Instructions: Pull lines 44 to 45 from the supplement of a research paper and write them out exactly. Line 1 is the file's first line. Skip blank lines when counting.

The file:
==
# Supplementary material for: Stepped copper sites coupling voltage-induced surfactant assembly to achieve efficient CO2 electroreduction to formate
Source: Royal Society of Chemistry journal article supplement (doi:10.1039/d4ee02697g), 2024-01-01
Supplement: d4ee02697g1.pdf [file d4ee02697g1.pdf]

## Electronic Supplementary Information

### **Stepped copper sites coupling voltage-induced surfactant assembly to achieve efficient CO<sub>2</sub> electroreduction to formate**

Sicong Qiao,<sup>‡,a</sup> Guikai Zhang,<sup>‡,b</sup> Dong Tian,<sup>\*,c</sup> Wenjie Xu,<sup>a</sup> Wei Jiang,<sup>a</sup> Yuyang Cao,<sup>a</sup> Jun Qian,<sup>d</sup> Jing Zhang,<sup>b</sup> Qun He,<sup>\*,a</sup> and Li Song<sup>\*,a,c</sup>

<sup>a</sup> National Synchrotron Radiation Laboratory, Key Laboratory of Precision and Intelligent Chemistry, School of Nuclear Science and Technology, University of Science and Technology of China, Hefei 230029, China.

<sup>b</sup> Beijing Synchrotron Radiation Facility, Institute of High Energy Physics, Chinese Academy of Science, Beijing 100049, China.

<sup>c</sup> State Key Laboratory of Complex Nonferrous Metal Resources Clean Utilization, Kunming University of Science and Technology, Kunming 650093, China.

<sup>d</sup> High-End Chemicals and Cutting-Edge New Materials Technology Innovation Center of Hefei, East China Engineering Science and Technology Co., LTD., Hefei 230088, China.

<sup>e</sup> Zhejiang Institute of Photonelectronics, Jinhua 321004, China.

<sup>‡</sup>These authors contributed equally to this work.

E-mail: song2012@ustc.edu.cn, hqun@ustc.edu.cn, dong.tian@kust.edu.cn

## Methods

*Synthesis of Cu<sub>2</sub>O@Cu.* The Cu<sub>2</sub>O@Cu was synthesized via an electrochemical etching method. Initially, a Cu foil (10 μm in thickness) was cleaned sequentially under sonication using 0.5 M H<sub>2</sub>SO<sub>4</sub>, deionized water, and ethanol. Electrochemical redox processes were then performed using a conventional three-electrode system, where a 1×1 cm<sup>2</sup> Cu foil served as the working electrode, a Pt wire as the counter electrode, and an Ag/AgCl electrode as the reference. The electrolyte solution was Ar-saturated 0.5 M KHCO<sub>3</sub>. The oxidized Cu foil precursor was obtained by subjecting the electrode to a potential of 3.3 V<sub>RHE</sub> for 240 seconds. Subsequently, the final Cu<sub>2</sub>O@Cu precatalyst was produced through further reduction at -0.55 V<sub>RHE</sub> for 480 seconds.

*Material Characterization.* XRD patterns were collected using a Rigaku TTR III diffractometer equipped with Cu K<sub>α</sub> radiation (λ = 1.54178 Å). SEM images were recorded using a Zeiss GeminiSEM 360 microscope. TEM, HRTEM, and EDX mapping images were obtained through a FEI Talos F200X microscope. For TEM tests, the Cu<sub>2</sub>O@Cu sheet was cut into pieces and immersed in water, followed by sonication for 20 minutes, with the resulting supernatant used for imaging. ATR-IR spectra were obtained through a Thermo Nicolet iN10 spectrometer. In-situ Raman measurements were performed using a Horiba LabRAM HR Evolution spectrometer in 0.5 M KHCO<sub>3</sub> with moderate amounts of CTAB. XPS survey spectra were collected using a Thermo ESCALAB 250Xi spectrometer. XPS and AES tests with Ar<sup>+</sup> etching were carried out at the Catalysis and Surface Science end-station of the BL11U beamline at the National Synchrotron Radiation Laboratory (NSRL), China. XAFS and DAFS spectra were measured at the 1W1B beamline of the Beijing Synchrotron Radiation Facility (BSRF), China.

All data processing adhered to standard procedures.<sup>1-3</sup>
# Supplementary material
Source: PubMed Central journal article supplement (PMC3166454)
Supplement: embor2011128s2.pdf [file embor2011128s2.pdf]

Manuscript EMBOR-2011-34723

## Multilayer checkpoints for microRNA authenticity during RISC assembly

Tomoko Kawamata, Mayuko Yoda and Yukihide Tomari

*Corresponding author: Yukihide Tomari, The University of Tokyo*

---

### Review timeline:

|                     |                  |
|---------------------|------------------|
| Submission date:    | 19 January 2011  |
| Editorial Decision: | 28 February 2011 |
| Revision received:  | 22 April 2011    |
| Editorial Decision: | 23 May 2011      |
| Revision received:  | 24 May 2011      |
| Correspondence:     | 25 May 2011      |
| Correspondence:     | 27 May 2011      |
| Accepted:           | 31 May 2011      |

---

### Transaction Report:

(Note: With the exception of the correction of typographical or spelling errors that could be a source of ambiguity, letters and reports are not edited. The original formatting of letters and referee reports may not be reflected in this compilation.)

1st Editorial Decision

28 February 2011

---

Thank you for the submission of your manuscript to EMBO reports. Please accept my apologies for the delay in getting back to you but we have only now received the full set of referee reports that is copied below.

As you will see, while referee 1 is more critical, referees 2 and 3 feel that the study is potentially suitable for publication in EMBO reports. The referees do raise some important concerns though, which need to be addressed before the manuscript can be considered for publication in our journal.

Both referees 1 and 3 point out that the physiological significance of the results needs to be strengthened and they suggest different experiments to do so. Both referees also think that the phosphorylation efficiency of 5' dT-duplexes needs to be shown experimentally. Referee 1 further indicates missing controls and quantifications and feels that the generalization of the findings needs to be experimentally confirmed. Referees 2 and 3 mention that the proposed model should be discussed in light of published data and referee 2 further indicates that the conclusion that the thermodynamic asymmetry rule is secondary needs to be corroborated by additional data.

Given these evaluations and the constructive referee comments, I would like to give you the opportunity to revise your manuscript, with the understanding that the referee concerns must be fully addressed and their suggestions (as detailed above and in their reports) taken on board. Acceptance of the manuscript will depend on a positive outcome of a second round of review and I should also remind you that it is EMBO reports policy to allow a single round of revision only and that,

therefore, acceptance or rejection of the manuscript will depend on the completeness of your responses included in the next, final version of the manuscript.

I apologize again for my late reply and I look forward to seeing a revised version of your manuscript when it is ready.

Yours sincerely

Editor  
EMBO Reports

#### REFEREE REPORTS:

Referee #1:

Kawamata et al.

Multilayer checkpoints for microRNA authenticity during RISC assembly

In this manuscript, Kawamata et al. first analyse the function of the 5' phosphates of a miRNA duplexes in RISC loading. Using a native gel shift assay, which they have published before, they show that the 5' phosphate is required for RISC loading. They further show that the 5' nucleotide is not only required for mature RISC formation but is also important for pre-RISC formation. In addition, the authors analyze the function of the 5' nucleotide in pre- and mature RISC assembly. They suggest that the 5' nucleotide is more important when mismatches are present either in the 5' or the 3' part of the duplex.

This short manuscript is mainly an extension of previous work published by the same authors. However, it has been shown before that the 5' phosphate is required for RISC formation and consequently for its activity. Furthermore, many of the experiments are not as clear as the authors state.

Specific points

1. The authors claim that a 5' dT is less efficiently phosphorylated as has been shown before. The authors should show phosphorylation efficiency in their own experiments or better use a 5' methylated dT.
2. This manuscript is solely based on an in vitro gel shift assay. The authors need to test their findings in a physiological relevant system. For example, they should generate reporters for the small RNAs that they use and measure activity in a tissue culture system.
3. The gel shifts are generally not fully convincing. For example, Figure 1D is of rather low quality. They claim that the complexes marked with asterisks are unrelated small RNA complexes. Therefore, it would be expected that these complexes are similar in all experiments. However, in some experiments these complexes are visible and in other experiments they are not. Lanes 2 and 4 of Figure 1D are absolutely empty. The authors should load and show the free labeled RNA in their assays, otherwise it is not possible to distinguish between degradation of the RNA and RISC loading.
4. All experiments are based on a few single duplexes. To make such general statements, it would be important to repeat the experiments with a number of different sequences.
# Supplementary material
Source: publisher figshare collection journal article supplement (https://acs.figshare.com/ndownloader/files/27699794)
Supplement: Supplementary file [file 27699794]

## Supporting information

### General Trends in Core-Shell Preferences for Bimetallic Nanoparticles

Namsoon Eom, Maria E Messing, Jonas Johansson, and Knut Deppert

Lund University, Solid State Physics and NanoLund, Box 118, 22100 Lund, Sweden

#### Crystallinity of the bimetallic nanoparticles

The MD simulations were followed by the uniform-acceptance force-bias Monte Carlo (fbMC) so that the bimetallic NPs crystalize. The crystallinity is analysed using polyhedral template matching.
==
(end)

As you will see, while referee 1 is more critical, referees 2 and 3 feel that the study is potentially suitable for publication in EMBO reports. The referees do raise some important concerns though, which need to be addressed before the manuscript can be considered for publication in our journal.

Both referees 1 and 3 point out that the physiological significance of the results needs to be strengthened and they suggest different experiments to do so. Both referees also think that the phosphorylation efficiency of 5' dT-duplexes needs to be shown experimentally. Referee 1 further indicates missing controls and quantifications and feels that the generalization of the findings needs to be experimentally confirmed. Referees 2 and 3 mention that the proposed model should be discussed in light of published data and referee 2 further indicates that the conclusion that the thermodynamic asymmetry rule is secondary needs to be corroborated by additional data.